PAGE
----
Synopsis: An ancient princess is awakened from her crypt beneath the desert, bringing with her malevolence grown over millennia, and terrors that defy human comprehension.
Stars: Tom Cruise, Sofia Boutella, Annabelle Wallis, Jake Johnson, Courtney B. Vance, Russell Crowe
Director: Alex Kurtzman
Running Length: 110 minutes
Trailer Review: Here
Review: You’re going to hear from a lot of people that The Mummy, Universal’s first entry in their new Dark Universe franchise, is a baffling bomb. Those people aren’t totally wrong but they’re not completely off the mark either. The worst thing a movie can be is neither good nor bad but just mediocre and too much of this new take on The Mummy straddles that fence, stubbornly refusing to slump into schlock or get its ass into a higher-quality gear. It’s not a total wash but the potential was there to take a fun step forward and the studio is too, uh, wrapped up in their quest for a new charter film series that they’ve lost sight of the here and the now.
As most of these creature-features often do, The Mummy opens with a little history lesson concerning an ambitious Egyptian princess (Sofia Boutella, Kingsman: The Secret Service) seduced by evil forces that promise her eternal life. Clearing her way to the throne in a bloody rampage, she’s eventually captured and buried alive in a deluxe sarcophagus within an ultra-complex underground prison. Remaining hidden for thousands of years, she’s unearthed by two unscrupulous soldiers (Tom Cruise, Oblivion and Jake Johnson, Safety Not Guaranteed) looking for antiquities to sell on the black market in modern day Iraq. Once released from her prison, she wastes little time in bringing down a plane transporting her to London and proceeding to suck the life out of anyone that gets in her way, turning them into the walking dead for good measure. It’s up to Cruise and a pretty prehistorian (Annabelle Wallis, Annabelle) to end the madness, a task made more difficult when our Mummy Princess sets her sights on making Cruise her eternal mate.
The framework of plot supplied by a screenplay written by David Koepp (Jurassic Park), Christopher McQuarrie (Edge of Tomorrow), and Dylan Kussman (Flight) has potential to it but director Alex Kurtzman (People Like Us) never fully trusts the material, opting instead to let Cruise take up too much space and pushing others to the sidelines. Let’s not forget that in addition to the above brief outline, Cruise is introduced to the Prodigium, a secret group dedicated to hunting supernatural baddies and beasties. Led by Dr. Henry Jekyll (yep, the one and only), look closely during a visit to Prodigium’s lab for a few familiar creatures that may pop up in future Dark Universe entries.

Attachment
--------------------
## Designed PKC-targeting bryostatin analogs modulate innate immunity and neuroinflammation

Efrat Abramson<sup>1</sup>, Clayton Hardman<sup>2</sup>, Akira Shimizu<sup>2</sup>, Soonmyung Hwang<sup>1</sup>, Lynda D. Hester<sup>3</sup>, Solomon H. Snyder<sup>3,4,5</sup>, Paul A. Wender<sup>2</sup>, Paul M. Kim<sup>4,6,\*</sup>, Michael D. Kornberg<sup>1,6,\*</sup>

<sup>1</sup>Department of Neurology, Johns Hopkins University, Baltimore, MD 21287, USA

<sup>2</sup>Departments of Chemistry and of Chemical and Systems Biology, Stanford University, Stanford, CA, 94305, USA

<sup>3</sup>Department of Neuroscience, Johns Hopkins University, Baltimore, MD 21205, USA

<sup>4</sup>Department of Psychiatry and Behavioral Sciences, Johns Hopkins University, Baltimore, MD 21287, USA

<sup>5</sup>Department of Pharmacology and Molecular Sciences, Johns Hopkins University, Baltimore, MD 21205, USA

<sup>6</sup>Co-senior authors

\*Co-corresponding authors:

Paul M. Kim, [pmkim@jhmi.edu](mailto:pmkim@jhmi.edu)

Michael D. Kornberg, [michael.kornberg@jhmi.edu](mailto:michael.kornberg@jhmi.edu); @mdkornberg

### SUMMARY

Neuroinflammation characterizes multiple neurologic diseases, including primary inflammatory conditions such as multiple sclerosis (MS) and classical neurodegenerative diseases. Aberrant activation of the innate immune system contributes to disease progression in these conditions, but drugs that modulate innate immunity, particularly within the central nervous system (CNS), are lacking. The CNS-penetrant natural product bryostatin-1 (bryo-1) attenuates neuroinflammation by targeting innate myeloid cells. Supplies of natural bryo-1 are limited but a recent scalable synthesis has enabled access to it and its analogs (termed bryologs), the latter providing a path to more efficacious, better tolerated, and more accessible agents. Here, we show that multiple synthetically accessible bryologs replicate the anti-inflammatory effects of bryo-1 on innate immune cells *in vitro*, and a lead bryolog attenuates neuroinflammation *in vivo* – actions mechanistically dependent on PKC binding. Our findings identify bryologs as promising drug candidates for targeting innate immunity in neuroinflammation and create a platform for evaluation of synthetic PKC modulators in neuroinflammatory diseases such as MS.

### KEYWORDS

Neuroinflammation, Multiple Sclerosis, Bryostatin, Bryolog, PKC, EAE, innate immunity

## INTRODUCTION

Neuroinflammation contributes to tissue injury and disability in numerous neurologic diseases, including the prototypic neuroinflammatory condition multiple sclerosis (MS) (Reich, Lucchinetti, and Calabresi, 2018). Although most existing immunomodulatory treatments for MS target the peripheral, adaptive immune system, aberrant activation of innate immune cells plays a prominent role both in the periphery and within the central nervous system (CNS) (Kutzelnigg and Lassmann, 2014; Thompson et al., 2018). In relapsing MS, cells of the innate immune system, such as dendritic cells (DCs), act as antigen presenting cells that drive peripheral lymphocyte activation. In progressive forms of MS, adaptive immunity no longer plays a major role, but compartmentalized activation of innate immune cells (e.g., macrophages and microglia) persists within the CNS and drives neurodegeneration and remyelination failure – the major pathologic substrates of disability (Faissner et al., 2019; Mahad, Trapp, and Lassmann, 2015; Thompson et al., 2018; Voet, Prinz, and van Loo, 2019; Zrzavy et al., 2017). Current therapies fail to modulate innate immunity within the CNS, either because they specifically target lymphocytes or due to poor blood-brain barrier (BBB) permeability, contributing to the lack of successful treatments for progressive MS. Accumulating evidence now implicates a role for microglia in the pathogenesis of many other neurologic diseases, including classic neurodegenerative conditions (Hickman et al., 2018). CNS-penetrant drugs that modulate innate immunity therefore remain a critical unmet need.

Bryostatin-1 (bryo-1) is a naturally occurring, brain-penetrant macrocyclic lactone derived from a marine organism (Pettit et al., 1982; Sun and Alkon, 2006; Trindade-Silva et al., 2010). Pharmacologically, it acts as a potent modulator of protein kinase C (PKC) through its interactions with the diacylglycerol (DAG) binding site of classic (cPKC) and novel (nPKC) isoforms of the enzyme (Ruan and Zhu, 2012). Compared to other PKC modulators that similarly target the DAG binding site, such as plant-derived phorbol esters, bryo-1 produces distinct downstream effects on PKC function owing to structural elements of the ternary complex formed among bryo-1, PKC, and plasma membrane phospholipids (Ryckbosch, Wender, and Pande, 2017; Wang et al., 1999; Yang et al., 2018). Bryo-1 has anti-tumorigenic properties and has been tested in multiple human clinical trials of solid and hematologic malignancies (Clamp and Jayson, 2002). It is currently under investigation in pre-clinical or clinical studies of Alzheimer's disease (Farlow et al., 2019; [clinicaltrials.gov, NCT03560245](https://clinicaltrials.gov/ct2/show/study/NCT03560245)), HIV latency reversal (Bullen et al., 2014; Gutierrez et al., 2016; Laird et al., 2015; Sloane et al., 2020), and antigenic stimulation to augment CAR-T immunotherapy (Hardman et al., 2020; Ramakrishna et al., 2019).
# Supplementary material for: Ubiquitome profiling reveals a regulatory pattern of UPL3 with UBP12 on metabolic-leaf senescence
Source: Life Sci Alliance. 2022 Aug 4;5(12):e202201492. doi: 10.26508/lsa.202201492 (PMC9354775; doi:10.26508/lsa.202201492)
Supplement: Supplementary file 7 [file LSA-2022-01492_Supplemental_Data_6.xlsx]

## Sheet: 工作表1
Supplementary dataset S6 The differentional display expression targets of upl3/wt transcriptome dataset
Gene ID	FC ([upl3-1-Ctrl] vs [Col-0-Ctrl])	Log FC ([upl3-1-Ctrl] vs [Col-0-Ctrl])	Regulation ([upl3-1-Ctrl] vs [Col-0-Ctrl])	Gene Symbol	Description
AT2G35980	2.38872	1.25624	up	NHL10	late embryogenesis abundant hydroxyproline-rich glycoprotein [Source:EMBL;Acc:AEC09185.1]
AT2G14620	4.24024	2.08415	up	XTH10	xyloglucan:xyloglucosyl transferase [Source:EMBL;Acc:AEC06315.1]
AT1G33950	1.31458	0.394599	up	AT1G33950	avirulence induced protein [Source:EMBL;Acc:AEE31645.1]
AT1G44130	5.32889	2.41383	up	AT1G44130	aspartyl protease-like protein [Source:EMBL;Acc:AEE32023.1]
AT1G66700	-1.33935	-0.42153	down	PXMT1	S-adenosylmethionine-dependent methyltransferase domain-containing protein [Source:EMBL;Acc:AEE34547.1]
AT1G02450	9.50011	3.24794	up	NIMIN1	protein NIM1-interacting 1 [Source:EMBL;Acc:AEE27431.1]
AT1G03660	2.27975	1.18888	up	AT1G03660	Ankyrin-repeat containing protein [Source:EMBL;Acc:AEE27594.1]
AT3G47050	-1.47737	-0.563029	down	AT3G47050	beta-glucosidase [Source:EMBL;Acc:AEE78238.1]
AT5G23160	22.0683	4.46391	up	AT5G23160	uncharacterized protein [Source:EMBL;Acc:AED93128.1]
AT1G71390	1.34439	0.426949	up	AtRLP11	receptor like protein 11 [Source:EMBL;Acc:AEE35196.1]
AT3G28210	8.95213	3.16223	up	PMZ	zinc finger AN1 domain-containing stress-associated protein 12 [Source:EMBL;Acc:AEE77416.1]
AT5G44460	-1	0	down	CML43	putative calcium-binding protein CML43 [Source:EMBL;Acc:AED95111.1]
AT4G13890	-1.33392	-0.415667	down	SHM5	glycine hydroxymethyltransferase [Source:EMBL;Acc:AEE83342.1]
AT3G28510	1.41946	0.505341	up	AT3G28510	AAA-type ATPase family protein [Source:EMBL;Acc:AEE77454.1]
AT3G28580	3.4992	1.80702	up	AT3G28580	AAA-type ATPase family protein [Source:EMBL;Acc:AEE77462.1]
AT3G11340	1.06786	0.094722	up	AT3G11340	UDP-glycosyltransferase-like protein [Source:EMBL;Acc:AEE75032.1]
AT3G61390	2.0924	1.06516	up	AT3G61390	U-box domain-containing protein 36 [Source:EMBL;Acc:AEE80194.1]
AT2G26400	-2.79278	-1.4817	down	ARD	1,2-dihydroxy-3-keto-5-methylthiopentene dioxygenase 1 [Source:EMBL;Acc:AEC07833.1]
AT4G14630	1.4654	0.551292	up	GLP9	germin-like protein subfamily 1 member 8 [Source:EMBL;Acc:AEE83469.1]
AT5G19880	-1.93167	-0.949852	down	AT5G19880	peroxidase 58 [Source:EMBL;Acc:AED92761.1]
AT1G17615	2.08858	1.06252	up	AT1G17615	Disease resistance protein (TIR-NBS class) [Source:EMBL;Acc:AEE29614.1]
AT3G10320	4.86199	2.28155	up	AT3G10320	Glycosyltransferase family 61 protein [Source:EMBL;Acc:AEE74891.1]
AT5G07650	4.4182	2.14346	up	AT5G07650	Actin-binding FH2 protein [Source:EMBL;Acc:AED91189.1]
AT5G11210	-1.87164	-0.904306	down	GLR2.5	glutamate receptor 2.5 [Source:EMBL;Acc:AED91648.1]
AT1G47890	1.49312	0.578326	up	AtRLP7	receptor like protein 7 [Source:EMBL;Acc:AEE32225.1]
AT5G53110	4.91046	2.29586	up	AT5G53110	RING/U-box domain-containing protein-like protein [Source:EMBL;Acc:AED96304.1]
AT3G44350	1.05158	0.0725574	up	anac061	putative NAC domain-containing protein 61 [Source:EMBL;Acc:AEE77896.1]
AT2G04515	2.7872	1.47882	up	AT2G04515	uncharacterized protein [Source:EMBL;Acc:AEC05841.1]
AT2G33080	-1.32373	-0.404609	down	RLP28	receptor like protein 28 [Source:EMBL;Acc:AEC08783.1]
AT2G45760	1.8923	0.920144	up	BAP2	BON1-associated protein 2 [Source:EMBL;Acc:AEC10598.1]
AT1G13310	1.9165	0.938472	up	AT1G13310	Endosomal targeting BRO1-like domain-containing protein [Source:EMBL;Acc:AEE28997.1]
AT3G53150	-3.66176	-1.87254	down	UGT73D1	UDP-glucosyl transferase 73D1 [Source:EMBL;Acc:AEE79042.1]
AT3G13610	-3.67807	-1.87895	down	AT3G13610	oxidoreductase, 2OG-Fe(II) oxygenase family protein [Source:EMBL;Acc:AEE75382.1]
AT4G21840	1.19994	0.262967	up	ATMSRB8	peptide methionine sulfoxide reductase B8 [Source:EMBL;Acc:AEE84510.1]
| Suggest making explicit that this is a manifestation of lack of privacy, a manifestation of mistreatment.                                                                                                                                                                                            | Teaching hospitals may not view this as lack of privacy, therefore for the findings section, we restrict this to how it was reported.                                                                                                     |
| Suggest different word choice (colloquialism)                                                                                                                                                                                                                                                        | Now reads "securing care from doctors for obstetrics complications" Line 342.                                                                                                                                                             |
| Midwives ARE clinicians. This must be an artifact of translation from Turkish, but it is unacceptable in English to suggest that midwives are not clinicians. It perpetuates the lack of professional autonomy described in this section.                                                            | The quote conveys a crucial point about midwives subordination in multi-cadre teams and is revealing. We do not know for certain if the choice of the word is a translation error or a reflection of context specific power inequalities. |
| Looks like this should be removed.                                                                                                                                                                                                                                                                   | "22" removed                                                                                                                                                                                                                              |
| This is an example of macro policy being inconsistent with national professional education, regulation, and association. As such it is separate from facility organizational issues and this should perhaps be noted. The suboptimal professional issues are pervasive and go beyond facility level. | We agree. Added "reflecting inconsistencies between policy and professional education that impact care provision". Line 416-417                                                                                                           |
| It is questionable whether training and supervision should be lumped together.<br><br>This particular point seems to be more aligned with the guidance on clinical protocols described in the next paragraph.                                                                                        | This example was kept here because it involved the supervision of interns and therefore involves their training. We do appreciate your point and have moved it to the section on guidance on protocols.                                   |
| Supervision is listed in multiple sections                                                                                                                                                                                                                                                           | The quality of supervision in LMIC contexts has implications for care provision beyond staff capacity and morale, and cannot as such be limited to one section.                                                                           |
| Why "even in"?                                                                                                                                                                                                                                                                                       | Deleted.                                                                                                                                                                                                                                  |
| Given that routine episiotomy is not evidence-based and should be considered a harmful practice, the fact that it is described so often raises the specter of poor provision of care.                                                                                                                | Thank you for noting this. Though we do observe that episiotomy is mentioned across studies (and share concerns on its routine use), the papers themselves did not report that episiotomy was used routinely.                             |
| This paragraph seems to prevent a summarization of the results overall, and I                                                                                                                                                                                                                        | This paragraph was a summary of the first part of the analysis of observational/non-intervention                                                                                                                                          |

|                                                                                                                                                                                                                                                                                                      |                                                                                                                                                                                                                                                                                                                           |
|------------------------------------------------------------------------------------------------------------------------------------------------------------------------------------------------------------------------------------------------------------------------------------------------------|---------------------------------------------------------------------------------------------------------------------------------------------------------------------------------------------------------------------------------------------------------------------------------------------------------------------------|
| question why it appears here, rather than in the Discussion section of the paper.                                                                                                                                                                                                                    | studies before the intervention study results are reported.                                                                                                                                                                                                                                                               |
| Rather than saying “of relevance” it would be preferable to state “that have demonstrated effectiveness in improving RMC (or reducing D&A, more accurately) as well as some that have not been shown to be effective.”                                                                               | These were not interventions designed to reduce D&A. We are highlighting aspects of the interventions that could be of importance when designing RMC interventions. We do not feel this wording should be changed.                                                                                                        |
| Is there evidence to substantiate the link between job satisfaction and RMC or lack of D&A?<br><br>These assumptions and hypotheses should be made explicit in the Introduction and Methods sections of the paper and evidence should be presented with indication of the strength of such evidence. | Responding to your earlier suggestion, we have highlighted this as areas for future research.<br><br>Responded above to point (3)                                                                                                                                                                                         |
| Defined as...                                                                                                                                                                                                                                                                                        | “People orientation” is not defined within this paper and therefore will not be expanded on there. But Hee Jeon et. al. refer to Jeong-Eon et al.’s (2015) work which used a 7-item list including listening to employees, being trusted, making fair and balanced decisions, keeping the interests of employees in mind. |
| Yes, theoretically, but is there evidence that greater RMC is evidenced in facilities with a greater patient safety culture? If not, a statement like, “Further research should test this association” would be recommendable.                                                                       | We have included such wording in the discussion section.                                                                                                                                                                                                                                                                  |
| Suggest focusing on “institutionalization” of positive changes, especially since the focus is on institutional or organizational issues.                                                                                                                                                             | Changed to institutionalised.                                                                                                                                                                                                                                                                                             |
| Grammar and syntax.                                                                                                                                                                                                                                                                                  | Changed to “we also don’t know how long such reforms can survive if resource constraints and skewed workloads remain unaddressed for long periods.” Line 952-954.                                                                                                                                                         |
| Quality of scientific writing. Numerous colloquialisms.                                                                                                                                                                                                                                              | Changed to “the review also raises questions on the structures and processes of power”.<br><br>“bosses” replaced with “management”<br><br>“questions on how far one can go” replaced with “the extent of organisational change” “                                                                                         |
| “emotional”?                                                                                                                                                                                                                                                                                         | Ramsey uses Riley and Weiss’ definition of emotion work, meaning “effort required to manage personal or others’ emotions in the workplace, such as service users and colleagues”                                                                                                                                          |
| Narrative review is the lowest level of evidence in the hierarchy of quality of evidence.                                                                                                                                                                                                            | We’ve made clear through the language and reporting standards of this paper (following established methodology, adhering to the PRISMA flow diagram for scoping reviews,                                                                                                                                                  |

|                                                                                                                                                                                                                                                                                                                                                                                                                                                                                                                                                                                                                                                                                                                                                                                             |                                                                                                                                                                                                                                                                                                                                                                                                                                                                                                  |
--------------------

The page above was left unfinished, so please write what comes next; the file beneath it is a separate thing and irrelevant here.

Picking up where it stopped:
I get the feeling that when the script for The Mummy was sent to Cruise, it was with the intent he consider taking on Dr. Jekyll (played here by a twinkle-eyed Russell Crowe, The Water Diviner) but Cruise missed the memo and just assumed he’d be the lead. Clearly written for a younger actor, everyone in the film at one time or another looks at Cruise (who’s still in fine shape and loves a good stunt sequence) and clearly is thinking, “You’re too old for this role!” His chemistry with both of his leading ladies is strained and it becomes the Cruise show the moment he arrives onscreen with the titular character taking a frustrating back-seat to the A-list star.
Crowe seems keen on having some fun and while his storyline could be excised from the film entirely, he at least has the right idea of what his contributions are. Knowing that Universal plans to craft a new franchise from their Stable of Scary, I wonder if the whole Prodigium business was folded in late in the game to tee up the Dark Universe. Poor Wallis has a role that is entirely exposition, I don’t think she’s given one line that isn’t specifically meant to explain or clarify so the performance feels like the appendix it was written to be. The true star here is Boutella and whenever she’s onscreen the film starts to crackle and pop only to be muffled by Cruise’s overbearing presence. I like Cruise quite a lot but even I must admit he’s been given too much room to play.
Amidst a bunch of hokum happenings and a screenplay that’s pretty pokey, there are a handful of slick moments of fun that hint at what the movie could have been had it found a better focus. A mid-air disaster is staged with edge-of-your-seat excitement and an underwater chase managed to make me hold my breath as Cruise and Wallis try to outswim a horde of the undead. Being released in 2D and 3D formats, I caught it in 3D and since so much of the film is set at night or in dark underground lairs I’d advise going for a 2D screening which might produce clearer visuals.
There’s nothing I look forward to more than a good old-fashioned monster movie. I don’t need flashy special effects or 3D gimmickry to get on board, just give me a good creature, a decent plot, and invested performances and I’m happy. While Universal’s reboot of The Mummy doesn’t consistently hit any of the above specifications, it grazes them long enough to produce a somewhat enjoyable but ultimately misguided first step into a new franchise involving their classic catalog of monsters.